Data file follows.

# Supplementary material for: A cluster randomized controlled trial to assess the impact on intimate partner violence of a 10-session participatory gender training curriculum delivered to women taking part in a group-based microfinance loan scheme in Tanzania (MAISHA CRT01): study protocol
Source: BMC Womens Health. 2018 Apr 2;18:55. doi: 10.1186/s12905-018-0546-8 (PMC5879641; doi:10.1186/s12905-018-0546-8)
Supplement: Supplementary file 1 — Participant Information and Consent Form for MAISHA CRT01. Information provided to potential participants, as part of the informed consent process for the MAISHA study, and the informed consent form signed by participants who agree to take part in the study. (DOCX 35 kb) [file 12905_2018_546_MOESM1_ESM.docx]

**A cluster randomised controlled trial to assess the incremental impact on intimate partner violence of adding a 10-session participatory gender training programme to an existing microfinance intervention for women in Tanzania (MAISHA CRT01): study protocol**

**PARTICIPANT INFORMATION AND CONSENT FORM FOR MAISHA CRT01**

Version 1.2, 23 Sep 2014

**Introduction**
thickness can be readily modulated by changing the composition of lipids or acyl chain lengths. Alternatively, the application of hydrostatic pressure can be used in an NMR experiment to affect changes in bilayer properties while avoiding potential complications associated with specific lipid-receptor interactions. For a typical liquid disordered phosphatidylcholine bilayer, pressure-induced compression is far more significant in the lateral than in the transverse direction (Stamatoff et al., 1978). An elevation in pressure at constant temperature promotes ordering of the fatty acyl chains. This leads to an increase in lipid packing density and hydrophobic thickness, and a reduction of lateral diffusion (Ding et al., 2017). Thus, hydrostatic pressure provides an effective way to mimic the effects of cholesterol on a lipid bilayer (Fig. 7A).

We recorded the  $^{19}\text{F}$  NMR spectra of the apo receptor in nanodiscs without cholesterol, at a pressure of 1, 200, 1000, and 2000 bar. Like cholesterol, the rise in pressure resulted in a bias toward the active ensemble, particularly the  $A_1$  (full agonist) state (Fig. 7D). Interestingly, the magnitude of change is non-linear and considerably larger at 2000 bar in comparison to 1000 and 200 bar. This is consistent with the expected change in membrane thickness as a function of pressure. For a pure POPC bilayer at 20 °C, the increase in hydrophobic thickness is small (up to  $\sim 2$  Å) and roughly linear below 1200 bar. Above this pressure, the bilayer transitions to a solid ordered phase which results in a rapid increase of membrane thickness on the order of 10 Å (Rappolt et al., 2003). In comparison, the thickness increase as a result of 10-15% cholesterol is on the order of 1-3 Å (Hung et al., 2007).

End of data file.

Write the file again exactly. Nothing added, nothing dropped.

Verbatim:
# Supplementary material for: A cluster randomized controlled trial to assess the impact on intimate partner violence of a 10-session participatory gender training curriculum delivered to women taking part in a group-based microfinance loan scheme in Tanzania (MAISHA CRT01): study protocol
Source: BMC Womens Health. 2018 Apr 2;18:55. doi: 10.1186/s12905-018-0546-8 (PMC5879641; doi:10.1186/s12905-018-0546-8)
Supplement: Supplementary file 1 — Participant Information and Consent Form for MAISHA CRT01. Information provided to potential participants, as part of the informed consent process for the MAISHA study, and the informed consent form signed by participants who agree to take part in the study. (DOCX 35 kb) [file 12905_2018_546_MOESM1_ESM.docx]

**A cluster randomised controlled trial to assess the incremental impact on intimate partner violence of adding a 10-session participatory gender training programme to an existing microfinance intervention for women in Tanzania (MAISHA CRT01): study protocol**

**PARTICIPANT INFORMATION AND CONSENT FORM FOR MAISHA CRT01**

Version 1.2, 23 Sep 2014

**Introduction**
thickness can be readily modulated by changing the composition of lipids or acyl chain lengths. Alternatively, the application of hydrostatic pressure can be used in an NMR experiment to affect changes in bilayer properties while avoiding potential complications associated with specific lipid-receptor interactions. For a typical liquid disordered phosphatidylcholine bilayer, pressure-induced compression is far more significant in the lateral than in the transverse direction (Stamatoff et al., 1978). An elevation in pressure at constant temperature promotes ordering of the fatty acyl chains. This leads to an increase in lipid packing density and hydrophobic thickness, and a reduction of lateral diffusion (Ding et al., 2017). Thus, hydrostatic pressure provides an effective way to mimic the effects of cholesterol on a lipid bilayer (Fig. 7A).

We recorded the  $^{19}\text{F}$  NMR spectra of the apo receptor in nanodiscs without cholesterol, at a pressure of 1, 200, 1000, and 2000 bar. Like cholesterol, the rise in pressure resulted in a bias toward the active ensemble, particularly the  $A_1$  (full agonist) state (Fig. 7D). Interestingly, the magnitude of change is non-linear and considerably larger at 2000 bar in comparison to 1000 and 200 bar. This is consistent with the expected change in membrane thickness as a function of pressure. For a pure POPC bilayer at 20 °C, the increase in hydrophobic thickness is small (up to  $\sim 2$  Å) and roughly linear below 1200 bar. Above this pressure, the bilayer transitions to a solid ordered phase which results in a rapid increase of membrane thickness on the order of 10 Å (Rappolt et al., 2003). In comparison, the thickness increase as a result of 10-15% cholesterol is on the order of 1-3 Å (Hung et al., 2007).